Out-of-Network Billing

Comparing Average Rates for Select Anesthesiology, Emergency Medicine, and Radiology Services by Local Areas


When a person unknowingly receives health care services from a provider that is outside of their insurer's network, it gives rise to the potential for a "surprise bill". Congress continues to consider legislation aimed at reducing the financial burden of "surprise bills" for patients. The approach approved by committees in both the House and Senate is to set a benchmark for the amount that can be billed for these out-of-network services based on the rate paid for the same or similar services in a geographic region. (The legislation approved by the House Energy and Commerce Committee also includes an option for providers to appeal the amount to an arbitrator.) However, there is no standard definition of a geographic region, which could possibly refer to either a state or metropolitan area.

We previously presented data comparing average commercial and Medicare rates for select anesthesia, emergency room and radiology services by state. Within a state, the amount paid for the same service can vary widely across metropolitan areas. To understand and illustrate that variation, we repeated our previous analysis at the core-based statistical area (CBSA) level. CBSAs are urban centers and the surrounding areas and represent an alternative definition of a local health care market.

As before, we examined the allowed amounts (the total payment made by insurers and patients) for the most common anesthesia, emergency room, and radiology services when they were performed by an in-network provider for individuals with commercial employer-sponsored insurance (ESI). Specifically, we calculated the mean and median in-network rates, as well as the ratio of the commercial ESI to Medicare fee-for-service mean allowed amounts. We only included providers with a specialty that matched the service category (for example, anesthesiology services provided by anesthesiologists). We do not include facility fees or amounts for ancillary services.

Key Findings:

  • There was greater variation in the rates paid across CBSAs than across states.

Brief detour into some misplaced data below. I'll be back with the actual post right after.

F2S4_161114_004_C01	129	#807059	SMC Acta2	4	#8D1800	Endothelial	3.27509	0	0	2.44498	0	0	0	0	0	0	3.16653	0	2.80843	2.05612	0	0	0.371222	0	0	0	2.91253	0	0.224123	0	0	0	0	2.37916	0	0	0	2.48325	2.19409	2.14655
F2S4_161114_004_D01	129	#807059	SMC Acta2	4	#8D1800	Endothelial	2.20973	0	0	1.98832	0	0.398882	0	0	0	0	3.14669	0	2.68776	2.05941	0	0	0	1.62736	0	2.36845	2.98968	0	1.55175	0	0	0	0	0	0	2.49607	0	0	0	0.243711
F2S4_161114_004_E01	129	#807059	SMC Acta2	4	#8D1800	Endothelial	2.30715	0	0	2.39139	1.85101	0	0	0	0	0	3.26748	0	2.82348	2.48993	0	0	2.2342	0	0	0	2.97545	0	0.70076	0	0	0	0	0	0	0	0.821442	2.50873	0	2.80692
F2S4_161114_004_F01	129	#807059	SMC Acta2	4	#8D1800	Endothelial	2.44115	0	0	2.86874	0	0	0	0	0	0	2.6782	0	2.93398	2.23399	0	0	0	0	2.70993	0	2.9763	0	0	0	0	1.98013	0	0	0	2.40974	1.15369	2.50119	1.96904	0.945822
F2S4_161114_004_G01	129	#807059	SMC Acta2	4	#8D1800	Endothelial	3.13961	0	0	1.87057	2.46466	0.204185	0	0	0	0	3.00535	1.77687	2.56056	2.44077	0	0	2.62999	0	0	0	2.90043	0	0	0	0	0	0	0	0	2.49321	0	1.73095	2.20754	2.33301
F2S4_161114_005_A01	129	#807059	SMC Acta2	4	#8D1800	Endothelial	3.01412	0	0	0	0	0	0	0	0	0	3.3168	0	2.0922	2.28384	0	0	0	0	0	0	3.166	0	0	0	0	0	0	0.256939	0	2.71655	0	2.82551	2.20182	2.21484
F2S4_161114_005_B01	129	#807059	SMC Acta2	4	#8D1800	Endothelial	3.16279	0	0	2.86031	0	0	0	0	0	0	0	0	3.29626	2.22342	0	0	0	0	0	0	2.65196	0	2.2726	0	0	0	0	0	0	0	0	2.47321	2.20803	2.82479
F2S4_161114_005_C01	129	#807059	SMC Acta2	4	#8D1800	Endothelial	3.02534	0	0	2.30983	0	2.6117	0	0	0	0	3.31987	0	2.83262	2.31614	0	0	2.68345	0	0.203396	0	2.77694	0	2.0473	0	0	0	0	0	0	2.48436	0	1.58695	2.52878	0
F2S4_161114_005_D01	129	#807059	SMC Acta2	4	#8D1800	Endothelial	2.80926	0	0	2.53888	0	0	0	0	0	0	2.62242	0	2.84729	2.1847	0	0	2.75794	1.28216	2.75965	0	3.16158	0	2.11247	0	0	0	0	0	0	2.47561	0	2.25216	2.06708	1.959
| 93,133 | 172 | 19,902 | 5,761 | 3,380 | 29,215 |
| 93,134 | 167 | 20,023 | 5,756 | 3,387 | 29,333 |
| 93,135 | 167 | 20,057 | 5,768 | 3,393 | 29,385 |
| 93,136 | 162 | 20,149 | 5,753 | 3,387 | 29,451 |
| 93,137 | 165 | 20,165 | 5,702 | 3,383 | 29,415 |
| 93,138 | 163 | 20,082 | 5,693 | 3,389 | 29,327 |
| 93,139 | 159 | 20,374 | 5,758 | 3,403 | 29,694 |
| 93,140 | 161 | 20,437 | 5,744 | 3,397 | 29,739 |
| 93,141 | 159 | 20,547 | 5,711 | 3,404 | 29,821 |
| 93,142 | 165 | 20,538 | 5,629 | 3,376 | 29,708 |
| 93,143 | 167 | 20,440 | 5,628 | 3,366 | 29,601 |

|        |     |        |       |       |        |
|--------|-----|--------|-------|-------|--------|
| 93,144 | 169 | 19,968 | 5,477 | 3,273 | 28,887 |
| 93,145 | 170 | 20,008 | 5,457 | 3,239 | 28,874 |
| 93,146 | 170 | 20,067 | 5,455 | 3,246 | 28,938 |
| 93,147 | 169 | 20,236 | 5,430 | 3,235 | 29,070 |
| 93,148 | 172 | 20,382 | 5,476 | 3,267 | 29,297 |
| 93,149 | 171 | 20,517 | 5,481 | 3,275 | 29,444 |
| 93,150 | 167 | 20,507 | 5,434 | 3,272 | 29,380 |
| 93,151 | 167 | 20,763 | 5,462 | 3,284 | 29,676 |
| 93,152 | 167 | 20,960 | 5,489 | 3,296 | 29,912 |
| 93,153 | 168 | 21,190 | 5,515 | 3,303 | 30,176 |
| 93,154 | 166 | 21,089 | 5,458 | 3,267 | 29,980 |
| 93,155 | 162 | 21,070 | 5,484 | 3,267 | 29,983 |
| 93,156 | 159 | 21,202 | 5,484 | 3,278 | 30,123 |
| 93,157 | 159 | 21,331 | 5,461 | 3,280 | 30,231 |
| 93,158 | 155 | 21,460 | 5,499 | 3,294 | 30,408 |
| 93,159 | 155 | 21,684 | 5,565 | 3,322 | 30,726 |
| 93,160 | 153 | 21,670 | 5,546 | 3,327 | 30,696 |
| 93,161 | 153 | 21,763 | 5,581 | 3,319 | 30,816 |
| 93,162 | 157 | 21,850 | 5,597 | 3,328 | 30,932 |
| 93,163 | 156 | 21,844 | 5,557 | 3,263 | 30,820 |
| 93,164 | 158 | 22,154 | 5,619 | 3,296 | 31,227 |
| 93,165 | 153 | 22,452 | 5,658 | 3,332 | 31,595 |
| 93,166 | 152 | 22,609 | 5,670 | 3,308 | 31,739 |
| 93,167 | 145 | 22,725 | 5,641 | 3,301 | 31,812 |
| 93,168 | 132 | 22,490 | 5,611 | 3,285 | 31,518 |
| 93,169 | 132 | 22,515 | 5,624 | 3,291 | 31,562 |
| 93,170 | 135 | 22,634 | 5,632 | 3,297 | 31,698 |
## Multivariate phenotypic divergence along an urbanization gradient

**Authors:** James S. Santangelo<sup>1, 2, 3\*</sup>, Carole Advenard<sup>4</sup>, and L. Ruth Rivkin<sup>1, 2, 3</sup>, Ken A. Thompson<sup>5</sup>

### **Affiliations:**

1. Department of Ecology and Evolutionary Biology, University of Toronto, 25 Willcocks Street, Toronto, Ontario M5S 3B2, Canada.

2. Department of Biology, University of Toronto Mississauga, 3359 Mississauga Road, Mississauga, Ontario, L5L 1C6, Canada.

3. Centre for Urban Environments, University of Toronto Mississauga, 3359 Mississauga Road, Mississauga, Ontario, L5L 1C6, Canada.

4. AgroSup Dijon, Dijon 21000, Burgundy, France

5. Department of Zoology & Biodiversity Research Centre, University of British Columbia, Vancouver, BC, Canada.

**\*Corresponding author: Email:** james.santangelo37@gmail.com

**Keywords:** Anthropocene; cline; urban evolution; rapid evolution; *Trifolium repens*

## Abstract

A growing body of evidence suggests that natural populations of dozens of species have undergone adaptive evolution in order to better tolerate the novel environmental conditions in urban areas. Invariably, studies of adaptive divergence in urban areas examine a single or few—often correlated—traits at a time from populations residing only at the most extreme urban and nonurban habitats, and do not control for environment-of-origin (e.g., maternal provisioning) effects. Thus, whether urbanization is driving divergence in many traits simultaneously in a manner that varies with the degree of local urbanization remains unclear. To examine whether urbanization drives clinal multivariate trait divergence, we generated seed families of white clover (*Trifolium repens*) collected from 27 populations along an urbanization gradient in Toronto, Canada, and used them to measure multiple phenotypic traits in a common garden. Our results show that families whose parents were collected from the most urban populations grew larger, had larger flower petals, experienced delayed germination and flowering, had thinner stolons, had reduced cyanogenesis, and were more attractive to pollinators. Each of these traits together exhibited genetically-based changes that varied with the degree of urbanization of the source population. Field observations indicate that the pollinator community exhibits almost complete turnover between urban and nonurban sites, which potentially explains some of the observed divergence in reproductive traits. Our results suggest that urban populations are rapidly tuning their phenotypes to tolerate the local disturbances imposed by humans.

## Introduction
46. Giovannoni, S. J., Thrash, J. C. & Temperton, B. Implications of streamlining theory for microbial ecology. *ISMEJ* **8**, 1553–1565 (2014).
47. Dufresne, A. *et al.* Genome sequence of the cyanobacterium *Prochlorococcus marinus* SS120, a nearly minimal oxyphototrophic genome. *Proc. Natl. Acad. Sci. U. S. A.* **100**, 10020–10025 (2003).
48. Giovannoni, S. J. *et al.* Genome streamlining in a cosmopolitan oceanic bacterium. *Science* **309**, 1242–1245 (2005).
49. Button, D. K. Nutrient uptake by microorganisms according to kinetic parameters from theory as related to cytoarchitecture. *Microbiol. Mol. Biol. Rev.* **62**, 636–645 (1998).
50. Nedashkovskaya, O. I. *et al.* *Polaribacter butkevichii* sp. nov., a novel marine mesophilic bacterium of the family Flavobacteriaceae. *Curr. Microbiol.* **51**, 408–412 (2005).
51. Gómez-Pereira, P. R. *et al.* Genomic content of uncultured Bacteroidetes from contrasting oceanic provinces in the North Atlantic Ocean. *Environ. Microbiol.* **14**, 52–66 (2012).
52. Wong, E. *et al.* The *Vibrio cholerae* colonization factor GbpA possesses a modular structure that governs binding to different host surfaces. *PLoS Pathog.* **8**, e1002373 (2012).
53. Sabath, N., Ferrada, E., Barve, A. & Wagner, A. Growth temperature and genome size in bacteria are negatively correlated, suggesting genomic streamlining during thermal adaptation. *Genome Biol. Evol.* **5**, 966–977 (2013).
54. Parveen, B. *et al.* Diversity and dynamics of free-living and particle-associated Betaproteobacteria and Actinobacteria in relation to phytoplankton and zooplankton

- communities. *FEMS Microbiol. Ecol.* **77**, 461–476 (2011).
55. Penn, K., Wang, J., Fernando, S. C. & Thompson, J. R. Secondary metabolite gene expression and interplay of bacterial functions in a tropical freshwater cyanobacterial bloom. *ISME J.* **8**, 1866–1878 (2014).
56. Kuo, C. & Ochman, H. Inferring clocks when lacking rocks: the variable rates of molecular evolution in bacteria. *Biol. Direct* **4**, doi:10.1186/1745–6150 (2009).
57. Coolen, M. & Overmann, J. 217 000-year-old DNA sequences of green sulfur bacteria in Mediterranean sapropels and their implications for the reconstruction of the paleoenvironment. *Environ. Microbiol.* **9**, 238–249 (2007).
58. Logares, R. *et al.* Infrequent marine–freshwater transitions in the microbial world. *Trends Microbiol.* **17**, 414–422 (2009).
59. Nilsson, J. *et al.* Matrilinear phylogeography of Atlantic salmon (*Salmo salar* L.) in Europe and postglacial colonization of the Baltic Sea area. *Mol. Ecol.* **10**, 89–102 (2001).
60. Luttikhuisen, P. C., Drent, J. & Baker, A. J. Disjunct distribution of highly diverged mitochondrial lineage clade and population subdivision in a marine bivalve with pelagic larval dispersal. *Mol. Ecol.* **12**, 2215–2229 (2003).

• Within state variation in CBSA median allowed amounts was substantial in many cases.

Variation across CBSAs

As before, the average commercial allowed amounts were almost always higher than Medicare fee-for-service. However, compared to the variation we observed at the state level, the variation in the ratio of the commercial and Medicare rates for the selected services across CBSAs was greater, with the top of the range being as much as 9 times higher. Figure 1 shows the state and CBSA variation in commercial ESI to Medicare ratios of mean allowed amounts. The blue circles show the state level distribution while the green circles show CBSAs. Select a state or circle to highlight the values for that state and the CBSAs within the state. Use the arrows at the top of the dashboard or click the boxes to see different services and median commercial allowed amounts.

Variation within States

In most states we observe several distinct metropolitan areas. In several cases, we observe substantial variation in the median allowed amounts in the different CBSAs. For example,

  • In Ohio, the median allowed amount in 2017 for CPT 01967 - Anesthesia for labor during planned vaginal delivery ranged from $688 in Dayton to $1,450 in Cincinnati, with a state median of $1,078.
  • In Florida, the median allowed amount for CPT 99285 – Emergency department visit, problem with significant threat to life or function ranged from $216 in Tallahassee to $1,347 in Crestview, with a state median of $567.
  • In Michigan, the median allowed amount in 2017 for CPT 74177 – CT scan of abdomen and pelvis with contrast ranged from $134 in Detroit to $343 in Ann Arbor, with a state median of $141.

Figure 2 shows CBSA and state level median allowed amounts for selected procedures in 2017 and commercial ESI to Medicare mean allowed amount ratios. Explore the data by selecting a service (Anesthesia, ER, or Radiology) and a specific procedure. Click on a state to see the median allowed amounts for the CBSAs in that state.

  • Methods Note

    Estimates for the employer sponsor insured (ESI) population are based on 2017 claims data from the Health Care Cost Institute. All costs represent only in-network professional fees - amounts paid to providers participating in payer's network; they do not include facility fees or out-of-network professional fees. ESI data were restricted to claims where service category and provider specialty were aligned - anesthesia provided by anesthesiologists, radiology provided by radiologist, ER services provided by emergency medicine specialists. ESI data were further restricted by place of service and only include professional services performed in inpatient hospitals, outpatient hospital departments (on or off campus) and emergency departments. CBSA is based on provider address. Data were suppressed according to HCCI masking rules based on the number of procedures performed at a given level of reporting. Medicare fee-for-service estimates were obtained from the Physician and Other Supplier Data CY 2017 public use file from CMS.

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